"I have a plan, but then real life as a parent happens."
Thanksgiving is one of my favorite holidays.
Though the food is incredible, it’s not the main reason I love this holiday.
I absolutely love Thanksgiving because I get to be with my family, play games, work as a team to make a delicious feast, and reflect upon the things I am grateful for in my life. This vacation time, coupled with fun and my end-of-year gratitude recap, gives me a boost I can use to propel me through the next holiday and into the new year.
Maybe I’m overly optimistic about how the holiday festivities will go, but I always look forward to the potential for these beautiful family moments each and every Thanksgiving.
The thing I do tend to overlook in my “fantasy of the perfect family Thanksgiving” is that the experience of Thanksgiving as a parent tends to have some unexpected elements that add to the unpredictability of the holiday. This is because though I would love to plan every single moment with how I can possibly prevent dealing with explosive tantrums and insurmountable frustration, I can’t.
So, as a parent, approaching the uncontrollable events and emotions means being more fluid than runny gravy and dealing with these changes as they occur.
For instance, I always just assume that traveling to see my family will go smoothly, easily, quickly — only to realize that the assumption itself is a delusion. Though sometimes our drive has gone smoothly and we have arrived on time and unscathed, this is not a frequent event.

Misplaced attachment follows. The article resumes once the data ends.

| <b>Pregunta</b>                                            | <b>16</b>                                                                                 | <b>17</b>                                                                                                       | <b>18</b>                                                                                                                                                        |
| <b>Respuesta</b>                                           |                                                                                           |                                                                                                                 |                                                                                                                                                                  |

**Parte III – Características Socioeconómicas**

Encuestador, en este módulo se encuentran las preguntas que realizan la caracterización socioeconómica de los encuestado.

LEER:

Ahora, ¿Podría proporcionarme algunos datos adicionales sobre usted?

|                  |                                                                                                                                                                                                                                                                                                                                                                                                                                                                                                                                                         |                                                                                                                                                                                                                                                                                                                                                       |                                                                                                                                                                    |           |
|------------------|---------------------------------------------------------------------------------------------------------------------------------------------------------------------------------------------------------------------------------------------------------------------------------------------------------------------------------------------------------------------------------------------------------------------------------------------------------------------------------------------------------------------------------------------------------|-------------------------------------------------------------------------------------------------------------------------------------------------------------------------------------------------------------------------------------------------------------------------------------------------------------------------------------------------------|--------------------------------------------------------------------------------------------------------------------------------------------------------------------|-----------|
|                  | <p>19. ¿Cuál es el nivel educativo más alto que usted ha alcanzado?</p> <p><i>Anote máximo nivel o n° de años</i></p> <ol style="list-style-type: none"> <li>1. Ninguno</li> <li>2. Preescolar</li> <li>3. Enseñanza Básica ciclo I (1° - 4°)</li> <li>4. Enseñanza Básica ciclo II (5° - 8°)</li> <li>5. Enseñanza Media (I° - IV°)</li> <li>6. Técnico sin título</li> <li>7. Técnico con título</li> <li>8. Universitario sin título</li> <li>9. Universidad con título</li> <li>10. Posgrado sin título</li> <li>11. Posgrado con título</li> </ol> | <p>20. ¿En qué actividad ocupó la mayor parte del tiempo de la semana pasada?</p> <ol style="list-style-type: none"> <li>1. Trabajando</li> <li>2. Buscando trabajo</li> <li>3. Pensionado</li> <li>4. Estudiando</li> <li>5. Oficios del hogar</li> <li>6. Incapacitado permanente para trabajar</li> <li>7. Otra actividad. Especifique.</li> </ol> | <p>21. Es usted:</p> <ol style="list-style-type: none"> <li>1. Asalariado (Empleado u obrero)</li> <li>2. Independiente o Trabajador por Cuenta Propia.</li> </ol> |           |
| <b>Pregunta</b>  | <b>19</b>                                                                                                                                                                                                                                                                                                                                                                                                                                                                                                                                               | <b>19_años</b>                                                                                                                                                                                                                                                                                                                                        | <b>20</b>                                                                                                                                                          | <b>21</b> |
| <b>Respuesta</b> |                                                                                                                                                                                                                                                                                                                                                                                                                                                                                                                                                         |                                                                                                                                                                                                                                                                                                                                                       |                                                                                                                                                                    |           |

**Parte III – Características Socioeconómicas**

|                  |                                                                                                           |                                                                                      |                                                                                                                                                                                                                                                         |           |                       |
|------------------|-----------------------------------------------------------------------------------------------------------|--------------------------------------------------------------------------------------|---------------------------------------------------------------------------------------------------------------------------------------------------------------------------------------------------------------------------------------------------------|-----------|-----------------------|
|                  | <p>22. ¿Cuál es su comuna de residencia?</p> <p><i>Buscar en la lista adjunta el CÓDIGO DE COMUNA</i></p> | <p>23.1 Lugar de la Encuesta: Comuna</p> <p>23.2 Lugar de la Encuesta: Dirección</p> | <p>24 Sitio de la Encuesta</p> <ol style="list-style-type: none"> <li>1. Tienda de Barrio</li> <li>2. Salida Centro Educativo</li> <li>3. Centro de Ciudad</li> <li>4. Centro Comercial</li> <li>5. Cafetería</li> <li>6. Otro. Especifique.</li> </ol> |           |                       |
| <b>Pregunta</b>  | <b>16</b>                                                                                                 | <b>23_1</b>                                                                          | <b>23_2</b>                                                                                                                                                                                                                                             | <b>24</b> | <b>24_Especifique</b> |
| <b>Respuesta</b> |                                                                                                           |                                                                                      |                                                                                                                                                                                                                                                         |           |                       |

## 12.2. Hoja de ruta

How it often goes is that we frantically pack and rush to leave only to hit terrible traffic where time and space seem to meld together into a standstill and walking starts to seem like a faster mode of transportation. The slow-moving mass of steel and exhaust starts to feel claustrophobic and, soon, an antsy child erupts. As a parent who has suffered through previous child meltdowns incurred by everything from forgetting toys to being overwhelmed and hungry while traveling, I try to plan for this by packing and overpacking. But it’s always difficult to foresee exactly what my child will be satisfied with and how long the distraction will last.
The same goes for meal and holiday preparation. I have a plan, but then real life as a parent happens.
This means sometimes my adorable little offspring distracts me from staying on task.
Once the juggling of impeccably timed baking coalesces into a picture-perfect meal, we all sit down with the expectation of relaxing as we calmly eat and express our gratitude. And as a non-parent, dinner seems to align with this expectation in this order: sit down, eat, and then talk over dessert.
However, as a parent, the meal goes just a bit differently and is usually accomplished with more whim than that of drunken fraternity BBQ.
After dinner, our intention is good: enjoy our chance to be together by playing games and sharing stories.
Yet, usually, that intention gets cut short by a food-induced coma. Then, with full stomachs and heavy eyelids, we pack up game pieces and pile on top of each other to watch a movie.
All in all, an idealized Thanksgiving is just that: ideals.
The ability to enjoy reality lies behind the intention of the love shared by being together, whether it all works out anything like my strategically fantasized plan or I decide to just wing it, go with the flow, and enjoy reality.